“Look,” he said after sizing me up like the litigator he was. “I think you’ll be too soft on him. I want him to get A’s an B’s, I want him to turn in his work, and work harder. It’s Harvard or nothing, you understand?” He was furious with his son, and frustrated that the boy just couldn’t keep track of his assignments, didn’t seem to understand what was wanted of him in the deduction-based inquiry based curriculum in Chemistry. Writing for English when musing on theme?  Forget it.
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The Paradox of NVLD: A Speech Therapist’s Perspective (Part 2), by Amy B.

By Experts Blog

As I wait for the technicians to install a third tire on my car in the past five months alone, it is difficult to repress frustration about the costly consequences of visual-perceptual deficits. Getting lost everywhere and relying excessively on signs or the presence of furniture to determine which direction to turn in to arrive at my classroom/office from the front office or to a patient’s room is disconcerting and exhausting at best. Within the past three weeks, I mistook another person’s car for my own (and went inside of it before frenetically seizing my belongings and an empty Publix cookie container that took residence in the stranger’s passenger seat), ran over a median that I didn’t see, took aberrant turns to just about every destination, was unable to locate the entrance to an indoor trampoline park (to take an aerobics class) on the campus of a school and church despite the fact that I had delivered speech therapy sessions there for approximately four semesters, and had no idea how to direct my friend to take me to a parking garage.
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The Paradox of NVLD: A Speech Therapist’s Perspective (Part I), by Amy B.

By Experts Blog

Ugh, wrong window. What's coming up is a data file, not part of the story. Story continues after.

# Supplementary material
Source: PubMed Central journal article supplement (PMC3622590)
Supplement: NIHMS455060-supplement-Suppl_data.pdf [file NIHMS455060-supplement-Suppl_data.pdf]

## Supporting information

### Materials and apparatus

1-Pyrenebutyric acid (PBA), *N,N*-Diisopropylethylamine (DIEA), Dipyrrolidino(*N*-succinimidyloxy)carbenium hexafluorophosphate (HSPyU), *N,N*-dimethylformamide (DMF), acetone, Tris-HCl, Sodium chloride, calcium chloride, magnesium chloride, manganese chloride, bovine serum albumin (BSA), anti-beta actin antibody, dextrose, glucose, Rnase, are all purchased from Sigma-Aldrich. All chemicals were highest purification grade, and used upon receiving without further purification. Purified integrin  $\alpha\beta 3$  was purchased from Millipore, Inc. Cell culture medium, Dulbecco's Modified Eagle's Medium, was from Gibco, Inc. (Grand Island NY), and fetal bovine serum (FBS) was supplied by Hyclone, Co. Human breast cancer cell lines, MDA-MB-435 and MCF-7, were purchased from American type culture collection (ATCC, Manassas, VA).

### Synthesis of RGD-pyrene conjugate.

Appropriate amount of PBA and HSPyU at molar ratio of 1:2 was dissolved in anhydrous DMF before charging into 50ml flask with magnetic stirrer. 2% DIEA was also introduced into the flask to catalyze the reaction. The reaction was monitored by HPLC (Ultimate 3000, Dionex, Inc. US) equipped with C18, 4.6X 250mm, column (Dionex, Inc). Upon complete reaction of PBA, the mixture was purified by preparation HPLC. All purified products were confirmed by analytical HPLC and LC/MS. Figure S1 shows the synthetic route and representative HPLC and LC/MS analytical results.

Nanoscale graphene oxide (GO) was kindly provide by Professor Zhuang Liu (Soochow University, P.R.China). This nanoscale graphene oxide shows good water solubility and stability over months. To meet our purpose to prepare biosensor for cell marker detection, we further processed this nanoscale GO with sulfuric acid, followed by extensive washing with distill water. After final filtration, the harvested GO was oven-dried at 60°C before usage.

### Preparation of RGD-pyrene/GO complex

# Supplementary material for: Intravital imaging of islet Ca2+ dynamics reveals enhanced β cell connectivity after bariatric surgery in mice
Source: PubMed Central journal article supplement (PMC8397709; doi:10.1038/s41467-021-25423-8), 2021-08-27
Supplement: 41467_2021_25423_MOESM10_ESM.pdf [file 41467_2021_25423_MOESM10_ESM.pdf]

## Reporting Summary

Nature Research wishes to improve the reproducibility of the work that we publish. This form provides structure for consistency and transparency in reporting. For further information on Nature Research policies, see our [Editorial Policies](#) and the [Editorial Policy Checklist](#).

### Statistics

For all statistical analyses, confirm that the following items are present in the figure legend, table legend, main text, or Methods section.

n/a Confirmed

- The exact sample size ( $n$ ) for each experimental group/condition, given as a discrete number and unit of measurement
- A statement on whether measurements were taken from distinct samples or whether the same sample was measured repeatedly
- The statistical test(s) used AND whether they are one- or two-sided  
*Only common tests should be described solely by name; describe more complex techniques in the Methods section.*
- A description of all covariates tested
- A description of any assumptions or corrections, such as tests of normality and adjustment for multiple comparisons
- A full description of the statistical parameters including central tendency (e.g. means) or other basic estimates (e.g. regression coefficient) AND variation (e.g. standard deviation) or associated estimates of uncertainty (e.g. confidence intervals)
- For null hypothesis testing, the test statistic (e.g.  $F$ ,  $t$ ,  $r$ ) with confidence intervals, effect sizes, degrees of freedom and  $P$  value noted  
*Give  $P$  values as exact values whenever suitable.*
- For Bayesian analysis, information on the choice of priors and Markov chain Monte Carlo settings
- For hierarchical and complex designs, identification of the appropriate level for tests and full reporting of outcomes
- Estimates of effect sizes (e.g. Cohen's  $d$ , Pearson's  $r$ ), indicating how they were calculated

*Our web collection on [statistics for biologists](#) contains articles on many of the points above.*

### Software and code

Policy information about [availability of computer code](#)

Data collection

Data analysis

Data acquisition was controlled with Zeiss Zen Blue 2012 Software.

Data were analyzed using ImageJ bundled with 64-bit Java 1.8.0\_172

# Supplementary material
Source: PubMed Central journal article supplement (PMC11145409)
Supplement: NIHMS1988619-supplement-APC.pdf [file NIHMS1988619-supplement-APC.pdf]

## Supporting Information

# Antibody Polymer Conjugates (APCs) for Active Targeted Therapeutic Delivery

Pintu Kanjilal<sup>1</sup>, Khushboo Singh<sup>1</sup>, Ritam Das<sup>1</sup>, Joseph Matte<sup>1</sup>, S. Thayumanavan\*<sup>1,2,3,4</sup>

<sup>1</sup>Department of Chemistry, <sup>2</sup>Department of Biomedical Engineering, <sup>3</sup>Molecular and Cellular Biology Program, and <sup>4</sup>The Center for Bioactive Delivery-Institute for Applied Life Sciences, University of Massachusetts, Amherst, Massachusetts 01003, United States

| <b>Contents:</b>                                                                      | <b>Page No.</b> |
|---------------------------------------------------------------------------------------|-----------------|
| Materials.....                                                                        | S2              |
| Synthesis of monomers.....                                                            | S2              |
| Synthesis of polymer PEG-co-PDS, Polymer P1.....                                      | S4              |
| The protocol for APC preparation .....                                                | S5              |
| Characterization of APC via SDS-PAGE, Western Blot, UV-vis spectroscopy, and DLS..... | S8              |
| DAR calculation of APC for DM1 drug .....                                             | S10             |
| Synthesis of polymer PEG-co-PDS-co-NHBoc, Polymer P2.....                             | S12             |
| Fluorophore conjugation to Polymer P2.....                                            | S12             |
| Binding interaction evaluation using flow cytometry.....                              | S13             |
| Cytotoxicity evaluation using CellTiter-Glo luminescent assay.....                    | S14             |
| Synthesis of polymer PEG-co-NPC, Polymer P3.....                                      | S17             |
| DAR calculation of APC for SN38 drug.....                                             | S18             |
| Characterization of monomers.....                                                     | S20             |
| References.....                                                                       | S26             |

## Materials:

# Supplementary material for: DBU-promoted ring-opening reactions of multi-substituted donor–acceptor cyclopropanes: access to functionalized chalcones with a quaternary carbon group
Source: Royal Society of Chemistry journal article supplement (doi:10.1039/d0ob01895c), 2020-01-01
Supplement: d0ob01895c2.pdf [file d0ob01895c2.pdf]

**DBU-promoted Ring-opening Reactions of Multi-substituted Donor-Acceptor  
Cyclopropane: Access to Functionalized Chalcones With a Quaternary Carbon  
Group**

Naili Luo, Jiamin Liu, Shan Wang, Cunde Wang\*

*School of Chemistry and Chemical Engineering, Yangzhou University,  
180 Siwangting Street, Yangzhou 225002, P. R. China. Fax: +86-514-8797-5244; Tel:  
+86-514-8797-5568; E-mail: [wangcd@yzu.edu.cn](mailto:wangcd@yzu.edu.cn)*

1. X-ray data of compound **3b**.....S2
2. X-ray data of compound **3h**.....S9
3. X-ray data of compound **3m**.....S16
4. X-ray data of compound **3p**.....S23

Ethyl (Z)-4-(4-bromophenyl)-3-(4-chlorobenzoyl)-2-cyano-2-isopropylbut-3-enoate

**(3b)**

It can be difficult to suppress a grin when a few pairs of wary teenage eyes peer into the window of “The Language Production Studio.” As the high school students prepare to step onto the invisible but palpable social communication stage, I can sometimes see reflections of my past adolescent self from so long ago in their fleeting eye gaze, flat affect, anxious mannerisms, and manifestations of difficulty with transitions. The expectations have been clearly defined and some of them could recite the “conversational script” flawlessly, but the ostensibly simple role of initiating a greeting and a few conversational turns with the speech-language therapist may prove to be daunting when the spotlight shifts from the rules and the acquisition of knowledge of the skill to a spontaneous demonstration of it.
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Finding the Healing Touch: How Adults with NVLD Can Effectively Articulate their Sensory Needs to their Partners, by Benjamin Meyer, LCSW

By Experts Blog

Many people with NVLD face a unique challenge in romantic relationships: how to manage their sensory sensitivity. It is documented that some individuals with NVLD may have either an acute or blunted sense of hearing, taste, smell, or touch (Schatz, 2013). The senses can play a role in all stages of romance, from choosing a venue for a first date to deciding on when and how to touch for the first time. For someone with sensory sensitivity, these aspects of dating may be especially anxiety producing; it may also be more difficult for these individuals to develop a deeper level of physical intimacy as a relationship progresses.
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Is It NVLD or ADHD? Why the Confusion?, by Elizabeth Shoiry

By Experts Blog

Both attention deficit hyperactivity disorder (ADHD) and a nonverbal learning disability (NVLD) are life long neurobiological challenges. ADHD was first formally recognized as a disorder by the American Psychiatric Association (APA) in the 1960’s. Today, ADHD is one of the most commonly diagnosed and perhaps over diagnosed childhood and adolescent disorders.

In contrast, NVLD has yet to be formally recognized and is generally overlooked, underdiagnosed, and misunderstood. Moreover, NVLD is frequently mistaken for ADHD. One of the key dangers of misidentifying mental health disorders is the distress it can cause the individual and their family. A lack of proper identification can result in unrealistic demands, expectations and overestimations of the individual’s ability. Subsequent self esteem and self confidence issues, social and emotional concerns, as well as academic struggles and frustrations can give rise to a lifetime of challenges.